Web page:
Lots of people have been asking me about the striking cover of Mr Barry’s War (out in paperback next week) so here’s a little more about it.
The painting belongs to the Government Art Collection (ref GAC 12453). I’d no idea where it hung when I suggested it as an image for the dust jacket but romantically liked to think it was in a third consul’s office in Istanbul or similar: a reminder of cold foggy London in a hot humid climate. As it turns out, it’s in Downing Street (illusions shattered).
It’s called Houses of Parliament from the Thames by Moonlight so it does what it says on the tin. And it’s by an artist called Henry Pether (1800-1865), a member of a painterly clan called ‘the Moonlight Pethers‘ who made a speciality of – yes – painting moonlit scenes. Their styles were so similar it is sometimes difficult to determine attributions between uncle, father and sons, but this one is definitely by Henry.
This view must have been painted sometime between 1862 (the date of the completion of the new Westminster Bridge to a design of Charles Barry) and 1865 (Pether’s death). I particularly like the wherries on the river, and the gaslights on the bridge parapet. Its smoky mysterious appearance reflects the Gothic nature of the storylines in Mr Barry’s War and the huge part which the Thames itself played in the construction of the new Houses of Parliament. During the book, the river moves from being a clear, fresh, watercourse (full of dace, perch, salmon and other happy fish) whose churned-up mud spits out ancient archaeological treasures as the foundations are built, to being a source of terrible pollution and stench by the end of the rebuilding. Could that possibly be a metaphor of some kind relating to the whole project?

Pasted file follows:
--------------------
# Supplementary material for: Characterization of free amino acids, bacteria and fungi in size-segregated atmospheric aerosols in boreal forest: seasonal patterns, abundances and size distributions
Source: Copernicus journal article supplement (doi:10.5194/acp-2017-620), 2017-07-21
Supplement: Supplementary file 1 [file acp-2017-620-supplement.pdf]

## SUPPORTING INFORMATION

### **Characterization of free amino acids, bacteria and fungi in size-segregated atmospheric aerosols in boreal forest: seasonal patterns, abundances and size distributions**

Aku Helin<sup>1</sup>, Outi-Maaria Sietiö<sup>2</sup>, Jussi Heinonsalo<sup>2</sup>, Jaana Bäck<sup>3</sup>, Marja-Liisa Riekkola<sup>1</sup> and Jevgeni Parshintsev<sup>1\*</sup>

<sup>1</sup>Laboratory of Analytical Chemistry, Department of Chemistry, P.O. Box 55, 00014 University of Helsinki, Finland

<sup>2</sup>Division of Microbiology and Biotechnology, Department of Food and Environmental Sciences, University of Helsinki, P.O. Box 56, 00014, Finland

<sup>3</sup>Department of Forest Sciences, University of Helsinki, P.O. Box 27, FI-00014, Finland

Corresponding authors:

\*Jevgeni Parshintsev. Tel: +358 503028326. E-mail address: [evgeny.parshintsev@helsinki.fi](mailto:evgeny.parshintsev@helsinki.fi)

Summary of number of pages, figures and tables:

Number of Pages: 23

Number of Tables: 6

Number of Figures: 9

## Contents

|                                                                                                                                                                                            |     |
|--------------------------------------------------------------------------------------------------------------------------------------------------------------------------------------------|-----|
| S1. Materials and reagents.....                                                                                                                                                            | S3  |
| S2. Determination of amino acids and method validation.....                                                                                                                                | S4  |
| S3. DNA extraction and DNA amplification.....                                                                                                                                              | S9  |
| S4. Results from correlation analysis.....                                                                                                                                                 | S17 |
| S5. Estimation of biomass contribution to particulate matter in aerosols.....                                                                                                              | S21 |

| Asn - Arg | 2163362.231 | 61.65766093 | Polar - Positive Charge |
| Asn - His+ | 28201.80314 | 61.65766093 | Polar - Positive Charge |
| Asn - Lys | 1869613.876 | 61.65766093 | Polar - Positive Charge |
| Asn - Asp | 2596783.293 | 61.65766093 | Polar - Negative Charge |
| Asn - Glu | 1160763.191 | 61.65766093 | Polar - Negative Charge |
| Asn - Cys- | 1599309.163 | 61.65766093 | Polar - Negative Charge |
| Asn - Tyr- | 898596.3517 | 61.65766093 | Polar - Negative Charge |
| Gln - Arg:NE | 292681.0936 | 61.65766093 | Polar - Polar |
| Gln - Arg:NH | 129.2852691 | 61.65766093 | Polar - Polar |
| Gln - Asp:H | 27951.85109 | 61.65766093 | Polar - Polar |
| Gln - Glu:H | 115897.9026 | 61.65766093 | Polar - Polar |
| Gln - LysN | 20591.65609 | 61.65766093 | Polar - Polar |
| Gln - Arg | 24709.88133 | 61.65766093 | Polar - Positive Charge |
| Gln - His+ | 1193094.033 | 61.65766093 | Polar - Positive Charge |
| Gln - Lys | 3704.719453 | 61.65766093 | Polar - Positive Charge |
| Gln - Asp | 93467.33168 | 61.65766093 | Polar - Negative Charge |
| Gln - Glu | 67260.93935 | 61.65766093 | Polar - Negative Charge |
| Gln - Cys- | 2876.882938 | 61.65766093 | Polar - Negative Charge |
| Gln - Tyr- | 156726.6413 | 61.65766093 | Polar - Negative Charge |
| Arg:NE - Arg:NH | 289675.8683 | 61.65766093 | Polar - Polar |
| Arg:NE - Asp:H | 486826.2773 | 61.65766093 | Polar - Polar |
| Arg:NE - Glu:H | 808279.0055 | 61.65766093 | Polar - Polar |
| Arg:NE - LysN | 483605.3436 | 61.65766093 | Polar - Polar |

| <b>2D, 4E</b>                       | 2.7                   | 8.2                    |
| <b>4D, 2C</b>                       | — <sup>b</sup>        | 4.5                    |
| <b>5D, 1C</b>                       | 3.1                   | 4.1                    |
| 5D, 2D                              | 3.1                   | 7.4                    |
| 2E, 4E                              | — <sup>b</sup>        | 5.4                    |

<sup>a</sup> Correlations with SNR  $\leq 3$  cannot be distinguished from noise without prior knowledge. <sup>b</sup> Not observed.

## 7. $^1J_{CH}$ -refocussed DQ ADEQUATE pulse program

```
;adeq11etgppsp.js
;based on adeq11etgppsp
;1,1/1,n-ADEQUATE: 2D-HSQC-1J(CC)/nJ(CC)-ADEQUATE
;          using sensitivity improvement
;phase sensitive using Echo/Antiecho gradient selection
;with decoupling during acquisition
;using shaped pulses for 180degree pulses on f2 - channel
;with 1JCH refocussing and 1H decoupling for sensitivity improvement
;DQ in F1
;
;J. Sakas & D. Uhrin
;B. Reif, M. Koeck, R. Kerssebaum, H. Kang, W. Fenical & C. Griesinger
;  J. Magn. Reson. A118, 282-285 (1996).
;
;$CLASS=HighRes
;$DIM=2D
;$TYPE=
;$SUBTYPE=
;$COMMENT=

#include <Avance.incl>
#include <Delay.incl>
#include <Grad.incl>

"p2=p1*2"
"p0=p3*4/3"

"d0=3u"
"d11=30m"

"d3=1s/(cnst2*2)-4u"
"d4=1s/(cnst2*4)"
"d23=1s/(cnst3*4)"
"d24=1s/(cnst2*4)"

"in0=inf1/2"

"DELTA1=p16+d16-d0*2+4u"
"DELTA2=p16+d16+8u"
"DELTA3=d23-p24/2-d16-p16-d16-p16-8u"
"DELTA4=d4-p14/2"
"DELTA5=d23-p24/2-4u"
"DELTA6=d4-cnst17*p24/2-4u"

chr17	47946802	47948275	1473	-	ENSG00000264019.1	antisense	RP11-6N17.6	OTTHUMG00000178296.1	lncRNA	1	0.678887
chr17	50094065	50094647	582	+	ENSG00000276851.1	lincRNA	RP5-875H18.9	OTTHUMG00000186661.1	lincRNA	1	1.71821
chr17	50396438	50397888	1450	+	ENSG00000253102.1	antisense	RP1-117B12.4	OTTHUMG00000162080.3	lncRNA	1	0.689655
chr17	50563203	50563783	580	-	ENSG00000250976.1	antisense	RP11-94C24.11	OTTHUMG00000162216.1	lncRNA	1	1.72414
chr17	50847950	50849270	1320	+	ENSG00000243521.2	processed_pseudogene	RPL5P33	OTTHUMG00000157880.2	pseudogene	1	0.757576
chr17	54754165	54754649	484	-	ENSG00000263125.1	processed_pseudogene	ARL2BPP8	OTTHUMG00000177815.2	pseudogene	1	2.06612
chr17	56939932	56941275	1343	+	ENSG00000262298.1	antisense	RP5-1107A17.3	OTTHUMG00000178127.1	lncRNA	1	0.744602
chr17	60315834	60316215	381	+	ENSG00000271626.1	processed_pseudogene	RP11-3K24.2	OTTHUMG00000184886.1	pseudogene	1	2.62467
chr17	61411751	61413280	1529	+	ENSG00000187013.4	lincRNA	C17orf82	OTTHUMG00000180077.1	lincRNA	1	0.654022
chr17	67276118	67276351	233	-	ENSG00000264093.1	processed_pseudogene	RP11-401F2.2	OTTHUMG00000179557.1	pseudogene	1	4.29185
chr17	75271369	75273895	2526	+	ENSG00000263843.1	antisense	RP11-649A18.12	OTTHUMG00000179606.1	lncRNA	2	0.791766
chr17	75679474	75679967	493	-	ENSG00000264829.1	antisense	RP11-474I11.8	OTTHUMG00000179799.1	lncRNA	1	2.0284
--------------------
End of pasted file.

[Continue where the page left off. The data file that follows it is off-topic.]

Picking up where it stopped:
The jacket designer at OUP then very cleverly took the painting and managed to create a cover which, when set alongside The Day Parliament Burned Down, makes them look like day and night, light and dark, prequel and sequel…which they are. I really love them side by side. See what you think.